Plainfield, Prison, & Perseverance with “My Manz” author J.M. Benjamin

I recently sat down with J.M. Benjamin, Plainfield’s critically acclaimed author of over a dozen books, including Essence Best Seller “Ride or Die Chick” and award-winning “Down in the Dirty.” Before the success, which has lead him to the cusp of producing a feature film based on one of his other novels, Mr Benjamin spent twelve years in several different prisons. We sat down and discussed Plainfield, writing, incarceration and re-entry, prison activism, and, of course, “My Manz,” the movie to be shot in this city.

Slogan for the push to make "My Manz" in Plainfield

Slogan for the push to make “My Manz” in Plainfield

Before we get started, please make a donation to the kickstarter campaign for this film. There are only five days left, and as kickstarter is an all-or-nothing proposition, it’s crucial to reach the goal before the end of that time period. The money raised will be used to shoot the first ten minutes of the film, which will help secure the rest of the investment to complete the movie. The creators of the movie pledge to use local talent of all sorts as much as possible, even providing paid internships (along with screen credits) for our young people. Money will go to local businesses. In fact – sneak peak – some of the long-time local businesses you are familiar with will be integral parts of the film. This is an opportunity to get something positive in Plainfield – something that we can all be proud of. Let’s not let it slip by. Please support this kickstarter, and continue to let people know about this project as it advances.

I want to talk about the movie, first, then we can go into your story. As this is Plainfield View, how does this film exemplify the spirit of Plainfield?

The union of myself, Lamar Mackson, and Alrick Brown is a representation of the definition of Plainfield. Three different walks of life come together for the greater good of our city. You have a famous film director and Sundance Film Festival award winner in Alrick Brown. You have a known film producer in Lamar Mackson. In other words, that’s an NYU graduate and a Wardlaw-Hartridge attendee, teaming up with a Plainfield High School drop-out kid from the projects. Somehow, some way, we have landed on the same path with the same flight, and are moving together. That’s what Plainfield is about.

You want to hear something ironic? The projects can beef with Third St, Third St can beef with Sixth Street, Sixth Street can beef with Arlington Ave, Arlington Ave can beef with all of us, but when we go to prison it doesn’t matter what block you’re from. If you’re from Plainfield, I got your back and you got mine. That’s kind of like this. Project kid, NYU Graduate, Wardlaw-Hartridge guy – all three of us are from Plainfield. If you remove our academic backgrounds and our neighborhoods, you are left with three positive men trying to do something for Plainfield, in Plainfield.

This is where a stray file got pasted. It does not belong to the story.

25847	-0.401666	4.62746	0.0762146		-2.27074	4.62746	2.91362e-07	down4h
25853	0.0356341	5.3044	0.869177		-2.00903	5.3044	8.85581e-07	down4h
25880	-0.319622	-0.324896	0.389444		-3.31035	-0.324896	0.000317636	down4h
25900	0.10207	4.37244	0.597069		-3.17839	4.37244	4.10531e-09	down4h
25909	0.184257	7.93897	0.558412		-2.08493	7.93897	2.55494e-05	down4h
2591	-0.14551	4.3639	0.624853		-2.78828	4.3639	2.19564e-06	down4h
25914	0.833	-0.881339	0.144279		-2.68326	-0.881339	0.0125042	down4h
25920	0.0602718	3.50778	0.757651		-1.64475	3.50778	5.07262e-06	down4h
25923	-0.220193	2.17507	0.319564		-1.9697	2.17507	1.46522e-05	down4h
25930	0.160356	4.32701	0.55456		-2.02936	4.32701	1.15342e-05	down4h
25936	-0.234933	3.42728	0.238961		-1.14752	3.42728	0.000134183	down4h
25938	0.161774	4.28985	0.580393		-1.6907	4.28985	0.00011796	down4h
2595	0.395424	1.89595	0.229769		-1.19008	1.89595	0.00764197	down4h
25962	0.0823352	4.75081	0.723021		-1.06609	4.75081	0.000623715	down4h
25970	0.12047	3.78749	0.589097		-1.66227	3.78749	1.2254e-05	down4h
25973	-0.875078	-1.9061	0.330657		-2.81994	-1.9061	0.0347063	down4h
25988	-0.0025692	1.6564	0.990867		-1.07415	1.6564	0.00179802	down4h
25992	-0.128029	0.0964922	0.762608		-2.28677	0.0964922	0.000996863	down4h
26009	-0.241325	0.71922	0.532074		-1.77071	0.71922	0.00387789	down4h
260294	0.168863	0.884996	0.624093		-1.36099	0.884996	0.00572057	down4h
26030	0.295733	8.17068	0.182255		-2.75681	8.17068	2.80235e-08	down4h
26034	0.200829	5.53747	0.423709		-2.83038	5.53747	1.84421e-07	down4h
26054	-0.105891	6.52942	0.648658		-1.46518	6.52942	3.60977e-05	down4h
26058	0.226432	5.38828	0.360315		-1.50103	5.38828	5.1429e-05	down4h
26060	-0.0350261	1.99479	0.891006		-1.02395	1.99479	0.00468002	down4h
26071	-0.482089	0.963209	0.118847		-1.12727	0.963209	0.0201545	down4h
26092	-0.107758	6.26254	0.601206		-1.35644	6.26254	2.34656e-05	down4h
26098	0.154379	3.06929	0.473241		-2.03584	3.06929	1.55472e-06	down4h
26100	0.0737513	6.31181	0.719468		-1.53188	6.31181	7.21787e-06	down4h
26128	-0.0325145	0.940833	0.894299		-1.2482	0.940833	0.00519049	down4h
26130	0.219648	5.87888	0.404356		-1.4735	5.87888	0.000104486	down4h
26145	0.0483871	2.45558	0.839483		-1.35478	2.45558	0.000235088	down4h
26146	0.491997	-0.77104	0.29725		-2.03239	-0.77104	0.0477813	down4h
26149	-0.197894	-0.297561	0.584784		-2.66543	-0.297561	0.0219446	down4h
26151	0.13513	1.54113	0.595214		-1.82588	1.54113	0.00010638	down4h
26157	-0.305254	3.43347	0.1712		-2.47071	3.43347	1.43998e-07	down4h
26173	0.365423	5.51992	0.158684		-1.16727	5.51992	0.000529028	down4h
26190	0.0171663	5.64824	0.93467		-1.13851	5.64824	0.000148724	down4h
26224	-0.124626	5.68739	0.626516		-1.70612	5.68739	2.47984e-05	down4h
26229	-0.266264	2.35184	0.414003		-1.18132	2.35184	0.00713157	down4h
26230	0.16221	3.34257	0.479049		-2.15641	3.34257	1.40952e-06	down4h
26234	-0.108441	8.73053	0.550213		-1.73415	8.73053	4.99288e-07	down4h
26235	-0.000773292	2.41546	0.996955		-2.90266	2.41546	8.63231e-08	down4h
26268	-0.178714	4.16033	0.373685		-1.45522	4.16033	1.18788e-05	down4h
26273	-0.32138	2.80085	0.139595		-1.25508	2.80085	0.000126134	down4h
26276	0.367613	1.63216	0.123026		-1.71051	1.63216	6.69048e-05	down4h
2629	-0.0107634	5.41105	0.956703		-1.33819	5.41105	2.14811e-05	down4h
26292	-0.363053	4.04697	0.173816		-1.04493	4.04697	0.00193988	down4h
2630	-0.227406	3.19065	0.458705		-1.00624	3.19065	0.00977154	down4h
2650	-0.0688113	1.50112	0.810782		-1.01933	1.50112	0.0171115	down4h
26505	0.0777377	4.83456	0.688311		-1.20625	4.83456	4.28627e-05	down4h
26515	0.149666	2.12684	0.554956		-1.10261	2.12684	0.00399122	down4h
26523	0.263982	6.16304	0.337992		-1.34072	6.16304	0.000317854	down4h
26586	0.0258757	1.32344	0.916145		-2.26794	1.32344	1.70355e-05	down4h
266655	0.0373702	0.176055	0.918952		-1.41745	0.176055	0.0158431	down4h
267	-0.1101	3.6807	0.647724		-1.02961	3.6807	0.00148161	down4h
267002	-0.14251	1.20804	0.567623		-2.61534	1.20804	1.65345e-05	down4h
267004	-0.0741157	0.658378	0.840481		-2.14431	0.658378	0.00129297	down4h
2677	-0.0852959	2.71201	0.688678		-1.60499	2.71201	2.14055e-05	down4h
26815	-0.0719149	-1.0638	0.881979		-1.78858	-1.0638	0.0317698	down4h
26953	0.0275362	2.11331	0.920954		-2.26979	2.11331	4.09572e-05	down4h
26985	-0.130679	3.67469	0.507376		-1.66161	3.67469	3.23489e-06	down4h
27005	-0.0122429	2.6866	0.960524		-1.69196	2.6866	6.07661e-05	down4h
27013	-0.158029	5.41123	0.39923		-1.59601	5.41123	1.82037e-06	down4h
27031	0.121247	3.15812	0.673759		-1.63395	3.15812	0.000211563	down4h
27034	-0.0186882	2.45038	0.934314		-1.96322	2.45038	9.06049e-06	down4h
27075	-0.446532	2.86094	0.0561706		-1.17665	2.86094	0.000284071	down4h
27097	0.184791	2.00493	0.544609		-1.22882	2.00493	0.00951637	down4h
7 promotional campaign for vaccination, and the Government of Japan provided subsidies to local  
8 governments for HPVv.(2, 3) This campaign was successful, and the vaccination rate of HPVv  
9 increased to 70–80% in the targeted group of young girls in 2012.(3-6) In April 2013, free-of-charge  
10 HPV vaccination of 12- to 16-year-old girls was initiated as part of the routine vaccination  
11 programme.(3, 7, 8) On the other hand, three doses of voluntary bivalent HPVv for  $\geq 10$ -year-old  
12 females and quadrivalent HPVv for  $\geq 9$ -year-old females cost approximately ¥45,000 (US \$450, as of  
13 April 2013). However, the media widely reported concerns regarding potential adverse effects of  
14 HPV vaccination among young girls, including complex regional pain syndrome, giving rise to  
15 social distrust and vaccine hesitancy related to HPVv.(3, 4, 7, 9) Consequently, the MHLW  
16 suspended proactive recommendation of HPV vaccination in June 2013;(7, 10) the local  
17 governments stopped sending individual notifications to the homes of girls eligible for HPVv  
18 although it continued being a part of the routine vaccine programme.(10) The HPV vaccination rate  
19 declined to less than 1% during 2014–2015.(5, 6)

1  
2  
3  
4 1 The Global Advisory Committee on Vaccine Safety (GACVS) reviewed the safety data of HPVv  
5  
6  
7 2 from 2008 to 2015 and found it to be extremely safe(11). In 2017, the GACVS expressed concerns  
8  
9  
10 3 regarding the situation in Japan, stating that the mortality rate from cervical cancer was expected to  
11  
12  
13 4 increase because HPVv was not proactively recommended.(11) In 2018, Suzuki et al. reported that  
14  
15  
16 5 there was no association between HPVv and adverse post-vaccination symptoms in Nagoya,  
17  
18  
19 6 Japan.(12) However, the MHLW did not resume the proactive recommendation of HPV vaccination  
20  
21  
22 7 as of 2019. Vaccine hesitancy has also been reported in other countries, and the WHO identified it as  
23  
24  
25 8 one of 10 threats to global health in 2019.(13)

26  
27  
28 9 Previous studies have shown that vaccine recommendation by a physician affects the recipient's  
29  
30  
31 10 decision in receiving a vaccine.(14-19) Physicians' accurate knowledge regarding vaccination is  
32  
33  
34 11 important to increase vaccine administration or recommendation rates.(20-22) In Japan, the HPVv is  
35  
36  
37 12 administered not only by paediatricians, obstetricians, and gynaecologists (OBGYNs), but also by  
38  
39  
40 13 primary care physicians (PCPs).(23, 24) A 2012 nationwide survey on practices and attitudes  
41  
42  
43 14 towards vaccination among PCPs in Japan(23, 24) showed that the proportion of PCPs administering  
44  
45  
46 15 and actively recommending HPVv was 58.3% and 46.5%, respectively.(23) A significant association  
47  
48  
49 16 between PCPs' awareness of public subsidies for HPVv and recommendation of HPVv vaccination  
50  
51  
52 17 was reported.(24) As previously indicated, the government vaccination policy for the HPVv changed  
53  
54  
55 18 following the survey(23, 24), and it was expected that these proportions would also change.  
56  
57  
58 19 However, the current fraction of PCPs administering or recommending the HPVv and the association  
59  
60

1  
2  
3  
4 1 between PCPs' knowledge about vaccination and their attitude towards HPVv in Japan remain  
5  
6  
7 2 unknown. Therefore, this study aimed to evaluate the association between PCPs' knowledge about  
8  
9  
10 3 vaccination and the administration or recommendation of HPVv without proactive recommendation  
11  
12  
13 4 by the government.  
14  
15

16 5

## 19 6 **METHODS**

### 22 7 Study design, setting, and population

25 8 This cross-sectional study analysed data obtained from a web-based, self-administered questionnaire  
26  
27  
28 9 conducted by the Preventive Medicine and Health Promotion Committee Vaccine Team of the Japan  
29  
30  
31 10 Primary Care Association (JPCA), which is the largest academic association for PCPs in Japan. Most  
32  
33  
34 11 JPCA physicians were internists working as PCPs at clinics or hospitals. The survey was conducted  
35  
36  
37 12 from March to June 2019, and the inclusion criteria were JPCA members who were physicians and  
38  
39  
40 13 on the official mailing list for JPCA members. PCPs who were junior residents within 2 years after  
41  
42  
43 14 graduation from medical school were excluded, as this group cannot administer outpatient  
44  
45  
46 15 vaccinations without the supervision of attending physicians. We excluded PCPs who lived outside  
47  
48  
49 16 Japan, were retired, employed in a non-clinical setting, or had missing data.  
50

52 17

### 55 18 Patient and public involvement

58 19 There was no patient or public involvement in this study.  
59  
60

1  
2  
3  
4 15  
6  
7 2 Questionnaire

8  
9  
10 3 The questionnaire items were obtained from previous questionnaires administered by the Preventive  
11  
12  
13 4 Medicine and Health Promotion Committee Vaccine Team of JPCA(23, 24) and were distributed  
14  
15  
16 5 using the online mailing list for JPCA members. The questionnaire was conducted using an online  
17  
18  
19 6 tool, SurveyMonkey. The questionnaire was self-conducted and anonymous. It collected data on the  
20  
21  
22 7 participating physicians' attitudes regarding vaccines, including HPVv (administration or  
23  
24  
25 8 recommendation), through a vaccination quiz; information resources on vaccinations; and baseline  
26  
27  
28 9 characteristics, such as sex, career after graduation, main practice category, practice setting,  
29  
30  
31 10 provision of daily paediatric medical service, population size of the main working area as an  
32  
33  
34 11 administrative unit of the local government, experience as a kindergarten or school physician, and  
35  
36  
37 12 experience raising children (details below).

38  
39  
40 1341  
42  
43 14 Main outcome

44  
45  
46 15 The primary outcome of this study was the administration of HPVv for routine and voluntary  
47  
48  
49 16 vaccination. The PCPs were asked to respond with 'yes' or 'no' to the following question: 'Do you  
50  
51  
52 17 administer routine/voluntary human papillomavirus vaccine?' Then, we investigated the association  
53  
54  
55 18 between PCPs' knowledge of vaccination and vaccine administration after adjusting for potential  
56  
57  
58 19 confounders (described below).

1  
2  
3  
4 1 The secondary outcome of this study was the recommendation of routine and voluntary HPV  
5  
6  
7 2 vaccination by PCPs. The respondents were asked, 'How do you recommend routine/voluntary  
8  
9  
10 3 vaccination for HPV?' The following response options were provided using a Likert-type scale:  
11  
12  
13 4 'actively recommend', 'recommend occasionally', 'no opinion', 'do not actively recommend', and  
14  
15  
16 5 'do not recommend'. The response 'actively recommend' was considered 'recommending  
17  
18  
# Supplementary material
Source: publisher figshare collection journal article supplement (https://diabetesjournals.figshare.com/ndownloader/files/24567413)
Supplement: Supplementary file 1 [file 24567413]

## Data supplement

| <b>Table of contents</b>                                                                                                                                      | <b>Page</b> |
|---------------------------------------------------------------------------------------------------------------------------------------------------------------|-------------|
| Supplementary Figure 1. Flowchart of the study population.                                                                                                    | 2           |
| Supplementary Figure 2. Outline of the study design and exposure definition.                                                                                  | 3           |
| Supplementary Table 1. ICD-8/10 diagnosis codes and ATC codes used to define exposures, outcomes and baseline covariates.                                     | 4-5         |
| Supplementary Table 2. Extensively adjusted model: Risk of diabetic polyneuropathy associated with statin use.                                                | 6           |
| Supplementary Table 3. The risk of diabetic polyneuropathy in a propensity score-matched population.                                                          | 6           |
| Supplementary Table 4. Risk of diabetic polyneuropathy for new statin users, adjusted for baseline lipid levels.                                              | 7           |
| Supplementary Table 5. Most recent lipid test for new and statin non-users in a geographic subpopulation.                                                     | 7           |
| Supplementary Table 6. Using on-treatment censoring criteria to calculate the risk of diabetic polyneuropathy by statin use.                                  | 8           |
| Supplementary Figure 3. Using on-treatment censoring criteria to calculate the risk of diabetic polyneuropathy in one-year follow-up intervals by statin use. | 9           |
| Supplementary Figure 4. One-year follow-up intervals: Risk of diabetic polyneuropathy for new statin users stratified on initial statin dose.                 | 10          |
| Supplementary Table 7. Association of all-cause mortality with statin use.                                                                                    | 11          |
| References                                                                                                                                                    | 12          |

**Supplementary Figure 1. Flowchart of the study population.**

What do you think the movie would do for you neighborhood, for the city, and for audiences overall?

It would mean a lot for people that come from where I come from. You know those films shot in New York City where they show the Twin Towers? It brings you back to a time, to a nice place, a positive place – where the towers stood. It also puts you in a state of mind of compassion and sympathy and empathy because of the tragedy that occurred, all the lives lost and the people who banded together afterwards. Well, this film takes place in the projects on Second Street, Elmwood Gardens, which likely won’t exist by the time we finish this movie. For those that are from Elmwood Gardens and get to see Elmwood Gardens in the film, it takes you back in time to a place where you overcame a struggle. The projects may have been a stepping stone with generation after generation starting there and then moving on, getting better education and better paying jobs that allow them to move out of the projects, but never forgetting them and always appreciating them.

For Plainfield as a whole, it would be something to be proud about. It would strip the barriers down from East End versus West End, poverty versus fortunate – you know, the social and economical classes in this city. At the end of the day it would be something universal for Plainfielders to embrace, take ownership of, and be proud of. When you see this movie, you will sit there, emotional and in awe, saying “Wow, I am from Plainfield. This is my city and those are my people. It’s not what the media always portrays. It’s not all about gang violence and negativity. Plainfield is a positive and beautiful city, and I’m proud to be a Plainfielder.” That’s what this film will represent.

So I understand that you grew up only a short walk from where we are meeting right now.

Yes, I grew up in Elmwood Gardens, the projects, right down the street.

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Film producer Lamar Mackson, author J.M. Benjamin, & Director Alrick Brown, from left to right, at Elmwood Gardens. Photo by Kathy Johnson

When did you first get involved with the streets?

I was in the streets since I was twelve years old.  I made some bad decisions and my criminal activities became a progressive behavior. From juvenile facilities to being charged as an adult at age fifteen in North Carolina, then coming home to Plainfield worse than when I went in. I came home older and more advanced, criminal-wise, and the next thing you know I was wanted by New Jersey and apprehended by Pennsylvania. I was charged with a lot – trafficking, racketeering, and possession.